Monday. Tax day. My day starts as I emerge from twisted sheets and an impossibly long night of insomnia. I’m tired, cranky and my day is jam-packed with must-do-yesterdays and two must-have conversations I would rather not have. As I drag the brush through my hair, I note that tax-day is statistically one of those days that you’re most likely to get in a car crash or die of a heart attack. My blood pressure noticeably inches up. A confluence of irritations is mounting to make this colossally “one of those days.”
I take my coffee to the garden. The air is brisk and there’s not a cloud in the sky. There is no fog creeping over Sutro tower. The sparkling sun illuminates the shiny new leaves on my Forest Pansy. I turn on the hose to water my lemon tree and herbs. Little Meyer lemon buds are exploding from the tree. The blue jay that frequents my garden hops from tree to tree. He’s trilling and cooing and not doing any of that obnoxious blue jay screaming. I pause to admire him, so pretty and blue sitting on top of my gigantic red abutilon, and then he’s joined by a charm of hummingbirds. I pause to look that one up. A group of hummingbirds can either be a charm or a troubling. I guess it depends on if they’re flitting to and fro or dive-bombing you. Today they’re a charm, and I feel lucky all of a sudden.
When did that abutilon get so big? It has bloomed constantly – 365 days – never a down moment, and it looks happier than ever. I look down and sigh – so do the weeds. Why don’t I spend more time in the garden? I refresh my coffee and hunker down to pull a couple of weeds in the minutes before I must leave to start this day. Pulling weeds is therapeutic for me. I bestow one of my troubles for each irritating weed I pull. They give up easily and I take a deep breath. Then it comes to me: This is why we create gardens. The garden enables us to cultivate and convene with nature right outside our doors – to be in nature.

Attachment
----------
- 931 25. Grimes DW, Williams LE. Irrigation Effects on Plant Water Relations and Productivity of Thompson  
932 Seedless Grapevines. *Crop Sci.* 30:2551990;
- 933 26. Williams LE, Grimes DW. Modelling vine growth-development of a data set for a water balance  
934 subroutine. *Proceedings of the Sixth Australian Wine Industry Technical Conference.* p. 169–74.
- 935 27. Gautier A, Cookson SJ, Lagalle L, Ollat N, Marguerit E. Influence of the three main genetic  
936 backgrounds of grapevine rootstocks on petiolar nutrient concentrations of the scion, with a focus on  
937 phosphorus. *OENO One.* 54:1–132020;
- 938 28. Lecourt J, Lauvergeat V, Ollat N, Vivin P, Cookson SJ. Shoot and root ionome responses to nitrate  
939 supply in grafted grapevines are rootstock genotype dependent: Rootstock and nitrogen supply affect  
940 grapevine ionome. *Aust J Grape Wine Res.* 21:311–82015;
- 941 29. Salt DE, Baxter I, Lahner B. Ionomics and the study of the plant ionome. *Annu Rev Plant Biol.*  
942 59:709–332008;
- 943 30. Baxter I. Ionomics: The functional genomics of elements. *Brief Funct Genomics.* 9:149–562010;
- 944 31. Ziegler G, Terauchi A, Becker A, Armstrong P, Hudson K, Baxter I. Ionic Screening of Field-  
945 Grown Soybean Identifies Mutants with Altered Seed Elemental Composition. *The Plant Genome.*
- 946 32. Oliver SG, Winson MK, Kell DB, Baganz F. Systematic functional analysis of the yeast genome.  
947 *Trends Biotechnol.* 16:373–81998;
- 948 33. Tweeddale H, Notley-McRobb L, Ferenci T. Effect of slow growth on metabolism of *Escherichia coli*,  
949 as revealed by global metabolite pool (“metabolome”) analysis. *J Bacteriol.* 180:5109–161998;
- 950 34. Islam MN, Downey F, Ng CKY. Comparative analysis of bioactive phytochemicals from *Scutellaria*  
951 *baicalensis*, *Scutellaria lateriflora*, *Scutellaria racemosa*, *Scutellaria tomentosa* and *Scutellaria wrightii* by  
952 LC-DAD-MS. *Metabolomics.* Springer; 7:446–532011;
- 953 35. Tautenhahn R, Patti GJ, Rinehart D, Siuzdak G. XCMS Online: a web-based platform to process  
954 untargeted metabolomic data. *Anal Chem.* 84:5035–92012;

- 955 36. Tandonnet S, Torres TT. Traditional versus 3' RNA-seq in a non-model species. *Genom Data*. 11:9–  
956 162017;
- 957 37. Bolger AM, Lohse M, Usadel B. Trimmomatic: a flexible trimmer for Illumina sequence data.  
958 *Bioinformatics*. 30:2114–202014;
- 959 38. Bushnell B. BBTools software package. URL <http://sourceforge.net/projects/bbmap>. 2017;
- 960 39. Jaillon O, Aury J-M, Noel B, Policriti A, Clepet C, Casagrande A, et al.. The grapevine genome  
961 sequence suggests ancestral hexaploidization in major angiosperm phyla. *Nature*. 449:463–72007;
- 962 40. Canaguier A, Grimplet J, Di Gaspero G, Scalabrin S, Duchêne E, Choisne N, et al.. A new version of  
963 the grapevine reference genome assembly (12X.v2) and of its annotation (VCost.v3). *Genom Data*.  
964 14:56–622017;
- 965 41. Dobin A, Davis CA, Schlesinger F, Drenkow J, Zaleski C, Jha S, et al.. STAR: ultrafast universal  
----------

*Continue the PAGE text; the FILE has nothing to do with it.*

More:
My little plot is the size of a postage-stamp compared to other gardens I’ve had the opportunity to design and build, but its function as an oasis and refuge in the heart of the city is beyond measure. The connection to earth and the ever-changing life of the garden syncs me up with real space in time, not the stuff I insist on imposing on it. In less than twenty minutes I’ve gone from stressed out and cranky to far more relaxed. I’ve gone from ticking off every irritating thing I have to do today to counting the reasons I love going to work every day. Once I yank out the bad weeds of my day, I remember all of the good things I get to focus on, and all the fun people I get to spend time with today. I feel thankful, and I don my gratitude like armor. My brief moments in the garden reminded me to literally stop and smell the roses. Drive safe out there – it might get a little bumpy, but a little bird told me it’s going to be a great day.